Seattle, WA to LSZF (Switzerland) in Beaver N930AJ
Submitted by Jvan Aeberli (co-credit to Anna Maag), from Eglisau, Zurich, Switzerland
*that was in the year 1990 – still in the pre-GPS time!
From Idea to Decision
The only alternative to a transatlantic flight was transporting in a 40-foot container. However, we did not want our newly restored Beaver to be dismantled and rebuilt by a specialist company. In addition, the thought of having crossed the Atlantic in a single engine at least once in our lives appealed to us more and more.
The decision was already made when we ordered our De Havilland: we — Anna Maag, Marco Montanari, Werner Röschlau and myself — will fly the Beaver from Seattle, WA to Switzerland. We are all in possession of a pilot’s license, although with different levels of experience. Werner is a flight instructor and airline pilot with over 7000 flying hours.
The whole rebuild work at Kenmore Air Seattle on our Beaver ordered on 30.9.89 — hence the registration N930AJ — took over nine months, so we had plenty of time for the preparation work. But how does the planning of such a big, adventurous trip work out?
A valuable and professional guide for a transatlantic crossing was given to us in the Stafford-Ivanovic transatlantic seminar in St. Moritz, Switzerland, which we attended in winter. Here one learns from competent ferry pilots what is important.
The preparations could be divided into the following parts:
– Equipment of the airplane
– Chart material, AIP/Jeppesen Trip Kit
– Technical knowledge and emergency procedures
– Route preparation
We were fortunate to have Werner Röschlau, a professional pilot friend, with his vast experience to assist us and also accompany us on the actual flight. Several factors influence the success of such a trip, especially the meteorological conditions that can cause a failure. That is why we chose the high summertime of August for the transatlantic flight. The pressure of deadlines can also be dangerous, you have to take your time and not want to be home on a certain date.
The Adventure Begins
After an exciting crossing of the American continent over mountains and endless agricultural areas, we now fly along the great lakes, over the obligatory Niagara Falls, a thousand feet above the St. Lawrence River from Toronto, Ontario to Montreal, Quebec, up to Moncton, New Brunswick.
Here we are registered for the transatlantic check required by the Canadian Government. The aircraft’s navigational equipment is inspected, the emergency equipment is checked and the expertise of the PIC in charge is verified.
The Canadian authorities (Transport Canada) have only recently made this Moncton test mandatory because simply too many crews have been lost. The control in Moncton is not at all harassing but on the contrary very cooperative, helpful and supportive.
Our controller, himself a passionate DC-3 pilot for Transport Canada, takes great pleasure in our well-equipped Beaver shining in the evening light. But of course at that time no GPS on board — just standard IFR equipment and a short wave radio.
With the good feeling to have prepared everything correctly and competently, we fly in the most beautiful evening atmosphere the same day from Moncton to Goose Bay also called Happy Valley – however, we do not see a happy valley anywhere after arrival – the last stop on the American continent.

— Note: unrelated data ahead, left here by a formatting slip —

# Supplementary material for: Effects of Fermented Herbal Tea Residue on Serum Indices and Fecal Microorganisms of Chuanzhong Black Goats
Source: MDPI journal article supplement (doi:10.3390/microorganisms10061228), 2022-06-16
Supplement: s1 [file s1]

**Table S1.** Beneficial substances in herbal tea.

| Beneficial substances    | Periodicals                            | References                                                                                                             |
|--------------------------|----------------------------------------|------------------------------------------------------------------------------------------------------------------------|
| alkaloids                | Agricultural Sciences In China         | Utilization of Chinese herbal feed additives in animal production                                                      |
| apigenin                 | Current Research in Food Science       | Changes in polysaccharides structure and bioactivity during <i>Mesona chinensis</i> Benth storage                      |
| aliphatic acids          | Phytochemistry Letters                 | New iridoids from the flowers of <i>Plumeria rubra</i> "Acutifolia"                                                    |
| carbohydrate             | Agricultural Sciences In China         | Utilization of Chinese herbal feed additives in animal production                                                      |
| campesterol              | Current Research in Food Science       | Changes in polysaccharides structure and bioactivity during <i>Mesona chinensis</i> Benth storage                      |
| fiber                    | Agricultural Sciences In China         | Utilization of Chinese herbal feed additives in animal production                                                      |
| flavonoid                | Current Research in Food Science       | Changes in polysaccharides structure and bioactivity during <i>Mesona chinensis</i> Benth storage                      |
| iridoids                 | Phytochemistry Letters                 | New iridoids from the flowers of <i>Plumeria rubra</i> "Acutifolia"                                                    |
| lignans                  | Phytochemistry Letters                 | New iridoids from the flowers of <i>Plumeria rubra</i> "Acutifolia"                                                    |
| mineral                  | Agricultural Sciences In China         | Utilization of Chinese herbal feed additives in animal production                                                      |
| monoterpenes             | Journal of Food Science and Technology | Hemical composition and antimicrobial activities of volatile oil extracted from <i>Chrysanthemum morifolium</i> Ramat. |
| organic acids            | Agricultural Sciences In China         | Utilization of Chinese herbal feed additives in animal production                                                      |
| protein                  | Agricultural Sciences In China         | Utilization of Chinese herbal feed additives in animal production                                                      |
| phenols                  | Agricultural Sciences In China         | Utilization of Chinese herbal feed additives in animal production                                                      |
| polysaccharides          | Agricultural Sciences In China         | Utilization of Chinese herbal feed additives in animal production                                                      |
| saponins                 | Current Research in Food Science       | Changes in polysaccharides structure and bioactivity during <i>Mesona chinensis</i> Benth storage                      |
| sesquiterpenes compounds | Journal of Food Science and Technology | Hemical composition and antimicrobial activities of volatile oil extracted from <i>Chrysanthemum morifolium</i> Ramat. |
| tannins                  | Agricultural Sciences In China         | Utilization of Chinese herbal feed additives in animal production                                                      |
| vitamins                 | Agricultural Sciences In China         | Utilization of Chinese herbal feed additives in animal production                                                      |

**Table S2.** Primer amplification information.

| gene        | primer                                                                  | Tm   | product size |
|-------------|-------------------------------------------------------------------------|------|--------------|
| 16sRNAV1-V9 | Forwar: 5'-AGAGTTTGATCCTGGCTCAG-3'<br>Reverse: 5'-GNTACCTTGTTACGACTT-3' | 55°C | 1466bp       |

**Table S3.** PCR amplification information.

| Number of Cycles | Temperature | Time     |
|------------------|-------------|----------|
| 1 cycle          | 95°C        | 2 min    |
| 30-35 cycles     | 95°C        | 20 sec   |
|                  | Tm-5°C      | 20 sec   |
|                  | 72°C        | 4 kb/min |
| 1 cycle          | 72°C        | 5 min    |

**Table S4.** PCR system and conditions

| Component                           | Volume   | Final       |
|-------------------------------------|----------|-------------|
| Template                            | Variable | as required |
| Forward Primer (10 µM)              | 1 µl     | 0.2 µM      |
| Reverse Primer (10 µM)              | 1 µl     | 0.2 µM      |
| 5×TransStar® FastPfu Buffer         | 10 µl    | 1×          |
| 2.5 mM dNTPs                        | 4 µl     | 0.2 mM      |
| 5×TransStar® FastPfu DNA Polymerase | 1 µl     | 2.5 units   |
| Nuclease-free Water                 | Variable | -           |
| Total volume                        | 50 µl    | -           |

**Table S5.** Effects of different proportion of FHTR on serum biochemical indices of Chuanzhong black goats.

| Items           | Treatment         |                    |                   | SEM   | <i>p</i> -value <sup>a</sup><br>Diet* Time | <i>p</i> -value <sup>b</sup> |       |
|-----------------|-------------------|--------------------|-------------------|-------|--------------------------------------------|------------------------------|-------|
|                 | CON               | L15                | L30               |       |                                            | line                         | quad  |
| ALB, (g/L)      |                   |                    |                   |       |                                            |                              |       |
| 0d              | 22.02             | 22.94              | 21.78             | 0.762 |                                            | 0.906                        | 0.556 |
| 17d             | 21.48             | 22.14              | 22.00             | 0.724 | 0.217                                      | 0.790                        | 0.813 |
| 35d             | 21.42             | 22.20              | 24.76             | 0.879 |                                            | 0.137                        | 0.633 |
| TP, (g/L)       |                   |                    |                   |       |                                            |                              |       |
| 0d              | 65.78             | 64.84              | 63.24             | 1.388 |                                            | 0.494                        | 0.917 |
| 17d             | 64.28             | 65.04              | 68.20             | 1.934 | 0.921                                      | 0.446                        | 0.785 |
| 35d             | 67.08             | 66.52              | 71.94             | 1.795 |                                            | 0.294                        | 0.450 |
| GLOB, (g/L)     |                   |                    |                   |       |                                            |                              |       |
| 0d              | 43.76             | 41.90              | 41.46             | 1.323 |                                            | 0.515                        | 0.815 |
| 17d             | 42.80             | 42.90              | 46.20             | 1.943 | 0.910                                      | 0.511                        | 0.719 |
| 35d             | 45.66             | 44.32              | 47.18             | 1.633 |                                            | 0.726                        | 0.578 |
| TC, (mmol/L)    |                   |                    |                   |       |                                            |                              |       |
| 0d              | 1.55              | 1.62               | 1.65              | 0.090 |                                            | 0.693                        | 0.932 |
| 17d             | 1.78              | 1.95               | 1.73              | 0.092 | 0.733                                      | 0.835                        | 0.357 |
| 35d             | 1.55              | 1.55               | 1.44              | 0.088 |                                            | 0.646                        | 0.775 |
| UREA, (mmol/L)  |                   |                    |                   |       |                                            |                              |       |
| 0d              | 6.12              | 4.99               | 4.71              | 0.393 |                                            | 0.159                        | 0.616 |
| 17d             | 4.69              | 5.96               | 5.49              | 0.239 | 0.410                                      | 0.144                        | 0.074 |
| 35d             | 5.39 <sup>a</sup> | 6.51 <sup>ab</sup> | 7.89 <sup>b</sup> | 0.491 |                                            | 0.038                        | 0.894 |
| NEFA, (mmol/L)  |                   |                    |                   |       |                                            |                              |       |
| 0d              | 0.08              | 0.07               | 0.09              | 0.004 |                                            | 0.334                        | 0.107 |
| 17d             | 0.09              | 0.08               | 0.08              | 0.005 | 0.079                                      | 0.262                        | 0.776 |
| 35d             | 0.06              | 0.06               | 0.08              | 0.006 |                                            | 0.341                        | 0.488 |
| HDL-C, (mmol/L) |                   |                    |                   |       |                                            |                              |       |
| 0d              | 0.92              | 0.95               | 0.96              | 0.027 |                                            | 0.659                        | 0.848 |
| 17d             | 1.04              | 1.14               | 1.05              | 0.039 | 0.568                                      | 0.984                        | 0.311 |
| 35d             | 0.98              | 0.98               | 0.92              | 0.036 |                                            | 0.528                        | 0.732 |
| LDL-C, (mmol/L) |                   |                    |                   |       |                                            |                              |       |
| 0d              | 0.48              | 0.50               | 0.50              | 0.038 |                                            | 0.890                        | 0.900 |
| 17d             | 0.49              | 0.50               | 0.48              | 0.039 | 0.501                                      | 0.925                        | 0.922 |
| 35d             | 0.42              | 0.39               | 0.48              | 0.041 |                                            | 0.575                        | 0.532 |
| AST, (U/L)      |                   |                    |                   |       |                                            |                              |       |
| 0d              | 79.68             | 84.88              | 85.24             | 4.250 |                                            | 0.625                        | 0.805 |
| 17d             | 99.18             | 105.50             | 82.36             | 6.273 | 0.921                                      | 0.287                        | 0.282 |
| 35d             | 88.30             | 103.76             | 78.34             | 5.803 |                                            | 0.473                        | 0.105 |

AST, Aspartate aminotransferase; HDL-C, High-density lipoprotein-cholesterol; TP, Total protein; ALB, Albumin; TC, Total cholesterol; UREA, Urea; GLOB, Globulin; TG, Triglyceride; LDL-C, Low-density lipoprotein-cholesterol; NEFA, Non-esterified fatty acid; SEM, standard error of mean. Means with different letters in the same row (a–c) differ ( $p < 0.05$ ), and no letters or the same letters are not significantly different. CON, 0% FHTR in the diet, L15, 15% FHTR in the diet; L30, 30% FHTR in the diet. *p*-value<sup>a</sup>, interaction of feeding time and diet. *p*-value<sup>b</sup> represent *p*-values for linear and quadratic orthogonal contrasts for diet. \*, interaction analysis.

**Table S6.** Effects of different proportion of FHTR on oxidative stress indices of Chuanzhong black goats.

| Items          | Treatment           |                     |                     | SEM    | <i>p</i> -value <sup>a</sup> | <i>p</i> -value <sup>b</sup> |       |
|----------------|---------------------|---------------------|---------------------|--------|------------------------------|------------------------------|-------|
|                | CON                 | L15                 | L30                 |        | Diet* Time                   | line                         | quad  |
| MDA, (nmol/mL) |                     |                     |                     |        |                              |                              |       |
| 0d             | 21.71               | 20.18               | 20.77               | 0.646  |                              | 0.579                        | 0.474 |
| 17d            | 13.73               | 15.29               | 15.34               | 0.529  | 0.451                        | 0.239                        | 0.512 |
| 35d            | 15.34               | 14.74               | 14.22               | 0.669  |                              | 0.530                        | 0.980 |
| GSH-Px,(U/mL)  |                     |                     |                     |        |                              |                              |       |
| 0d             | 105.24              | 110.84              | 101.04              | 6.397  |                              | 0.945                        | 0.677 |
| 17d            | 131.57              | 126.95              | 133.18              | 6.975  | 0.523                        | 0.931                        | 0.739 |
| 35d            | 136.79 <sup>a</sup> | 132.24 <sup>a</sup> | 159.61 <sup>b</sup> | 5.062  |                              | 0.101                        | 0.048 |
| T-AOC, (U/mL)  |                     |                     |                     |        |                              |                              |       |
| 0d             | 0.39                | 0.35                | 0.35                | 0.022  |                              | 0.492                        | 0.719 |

Soon it becomes night, and we can only guess the beginning of loneliness below us. Along the St Lawrence Gulf, over Anticosti-Island we take a direct course to Goose Bay. Only rarely a lonely light below us, the night is clear and cold. Around midnight we experience strange light phenomena: the aurora borealis*.
*Note from the dictionary
Aurora borealis (also called aurora), northern and southern light, a cold glow of the air on the night side of the earth, most often about 10° from the geomagnetic poles. The height of the aurora is 100-120km, but also up to 80km resp. 1200km. The aurora is caused by currents of electrically charged particles emanating from the Sun and deflected in the Earth’s magnetic field, which excites molecules and atoms to glow when they enter the atmosphere. The aurora is observed in a wide variety of forms: Arcs, bands, curtains, clouds, and rays. The luminosity is often variable, irregular or pulsating. Colour: mostly yellowish green but also red or blue to grayish violet.
We are fascinated by this celestial phenomenon! In front of us on the horizon is a twitching band, more luminous and eerie than our weather glow, which we can often observe in summer. The dimensions are imposing, one has the subjective feeling that the whole northern hemisphere is illuminated by the twitching light.
At 01:10 local time we land in Goose Bay, a strange atmosphere welcomes us to this large military airfield. US Army planes, which are on their way to the Persian Gulf (Kuwait war), are taking off and landing non-stop. We are in the middle of August 1990, and big B52 bombers and other fighter planes are shaking our already not quite calm, last night before the first big oversea water leg.
We then also learn a very strange story that had happened immediately before: on the runway aircraft parts were found that could not be identified. No aircraft could be identified which had lost these sheet metal parts. Apparently, a crew was travelling with an aircraft that had lost a piece of the outer skin.
Early in the morning, we inquire about en-route weather to Narsarssuaq (South Greenland), a seven-and-a-half-hour flight east from Goose Bay. Not exactly rosy forecasts: a front from the north is approaching and will influence the weather for the next three or four days; at our planned flight level wind from NE with 10-15 knots. We decided together after detailed consultation to take off immediately. So, we fill up with fuel — but full to the brim (we had an extra fuel tank for four hours in the cabin) — and file the flight plan, jump into the rented survival suits and report «Ready for departure».
As the owner of the Beaver, I have the honour of flying the first leg. At 4000′ altitude, we fly over the uninhabited mainland towards the Labrador Sea. It is a thrilling feeling when we leave the coast and fly out into the open sea!
Over the Atlantic
We are happy about the reliable humming of our Pratt + Whitney R985 nine-cylinder, no malfunction, all gauges in the green area, everything runs like clockwork. Fuel consumption is 18 gallons per hour. Our total fuel capacity, including the ferry cabin tank, is 177 US gallons, enough for 9 ½ hours of flying.